I can’t see, so when my radio was destroyed in the cyclone, I felt very isolated. Now that I have a radio, I feel like I can see!
A blind Monk in Burma who received a radio after cyclone Nargis
Poor information flow is undoubtedly the biggest source of dissatisfaction, anger and frustration among affected people
TEC Thematic Evaluation
If we understand what is going on, we can be patient
A man talking to the CDA Learning Project in Aceh
I would say that registration [of those in camps] would have been almost impossible without the support of the communications teams
CCCM Cluster Coordinator Haiti
“A community without a radio is worth nothing,”....“People have already realized here that without radio the region is dead"
Internews Humanitarian Information Service in Eastern Chad
Rahma Mohamed Ibed
“What they desperately needed was access to local information in a language they understood – could they go home? Where were the local services and who were all these foreigners who said they were coming to help?”
Mark Frohardt, at the time Internews’ Vice President for Africa
“We were trying to be a community safety valve – to sit the two groups down together and find out how they felt about the problems. If we couldn’t get them into the studio we would send the reporters out to the camps.”
Camp Terrain Accra is one of the biggest camps in Haiti’s capital, Port au Prince, with around 25,000 residents. It was also one of the few to have a professional international camp manager supported by a major NGO – the American Refugee Committee (ARC). The following story about listening to camp residents came to the attention of the camp manager through a chance conversation with a national staff member who had worked on the project at the time.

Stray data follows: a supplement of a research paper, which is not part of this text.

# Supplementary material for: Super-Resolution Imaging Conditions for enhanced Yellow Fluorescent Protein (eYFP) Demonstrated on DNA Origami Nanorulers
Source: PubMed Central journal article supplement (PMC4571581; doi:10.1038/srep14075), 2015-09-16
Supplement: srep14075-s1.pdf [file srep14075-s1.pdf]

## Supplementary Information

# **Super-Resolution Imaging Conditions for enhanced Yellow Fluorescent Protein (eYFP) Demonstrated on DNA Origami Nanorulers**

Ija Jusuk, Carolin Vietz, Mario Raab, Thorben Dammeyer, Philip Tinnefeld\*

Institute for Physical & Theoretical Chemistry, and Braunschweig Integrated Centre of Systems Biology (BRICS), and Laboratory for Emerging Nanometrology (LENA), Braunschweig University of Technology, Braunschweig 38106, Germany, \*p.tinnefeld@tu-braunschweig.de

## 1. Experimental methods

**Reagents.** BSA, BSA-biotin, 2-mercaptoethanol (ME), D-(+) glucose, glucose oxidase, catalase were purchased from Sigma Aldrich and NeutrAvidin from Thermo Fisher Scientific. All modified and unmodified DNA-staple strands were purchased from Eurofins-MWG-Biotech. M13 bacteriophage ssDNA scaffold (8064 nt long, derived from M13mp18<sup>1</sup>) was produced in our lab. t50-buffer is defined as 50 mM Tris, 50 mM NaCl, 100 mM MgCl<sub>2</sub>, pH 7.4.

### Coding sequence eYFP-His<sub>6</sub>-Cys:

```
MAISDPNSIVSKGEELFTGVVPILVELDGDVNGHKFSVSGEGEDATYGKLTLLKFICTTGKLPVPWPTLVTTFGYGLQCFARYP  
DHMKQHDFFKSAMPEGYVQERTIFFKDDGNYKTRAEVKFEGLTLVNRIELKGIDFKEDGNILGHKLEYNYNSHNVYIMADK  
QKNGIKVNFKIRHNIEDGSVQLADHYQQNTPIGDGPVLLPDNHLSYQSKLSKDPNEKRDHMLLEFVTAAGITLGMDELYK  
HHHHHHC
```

Very early on in the project the team working on ENDK (1) realised that some kind of system for audience feedback, and to enable listeners to ask questions, was essential. This was especially important in an environment where travelling to earthquake-affected areas near the office was so difficult.
A few weeks into the cholera outbreak, the Haitian Red Cross (HRC) psychosocial section organised an initial series of nine discussion and awareness-raising groups on cholera in four earthquake-affected areas where they were already working (1). These groups were originally held to increase community awareness and address the psychosocial aspects of cholera (such as stigmatisation and grief), and were not set up with research purposes.
Shortly after the outbreak of cholera in October 2010, Communications with Disaster Affected Communities (CDAC) Haiti initiated a multi-agency process to survey levels of knowledge of cholera, and of its prevention and treatment. Organisations felt that they needed indicators on information needs around the disease.
In August 2011, Internews led a joint communication and information needs assessment with Radio Ergo/ International Media Support (IMS) and Star FM of Kenya, with significant support from the Norwegian Refugee Council (NRC).
In Zimbabwe, a local NGO – the Humanitarian Information Facilitation Centre (HIFC) – piloted an electronic national survey on access to information, using questionnaires on smart phones rather than traditional paper forms.
For the first time in an emergency, media development NGO, Internews, began funding a research unit from the earliest days of their response in Haiti. The research department began as a way of mapping and understanding the best tools to improve communication with affected communities, in order to strengthen their daily humanitarian news programme Enformasyon Nou Dwe Konnen – ENDK (Kreyol for ‘News You Can Use’).
The 2010 floods in Pakistan submerged over 100,000km2 of land and displaced nearly 10% of the country’s population over a vast geographical area, causing over 1,980 reported deaths and nearly 2,946 injuries.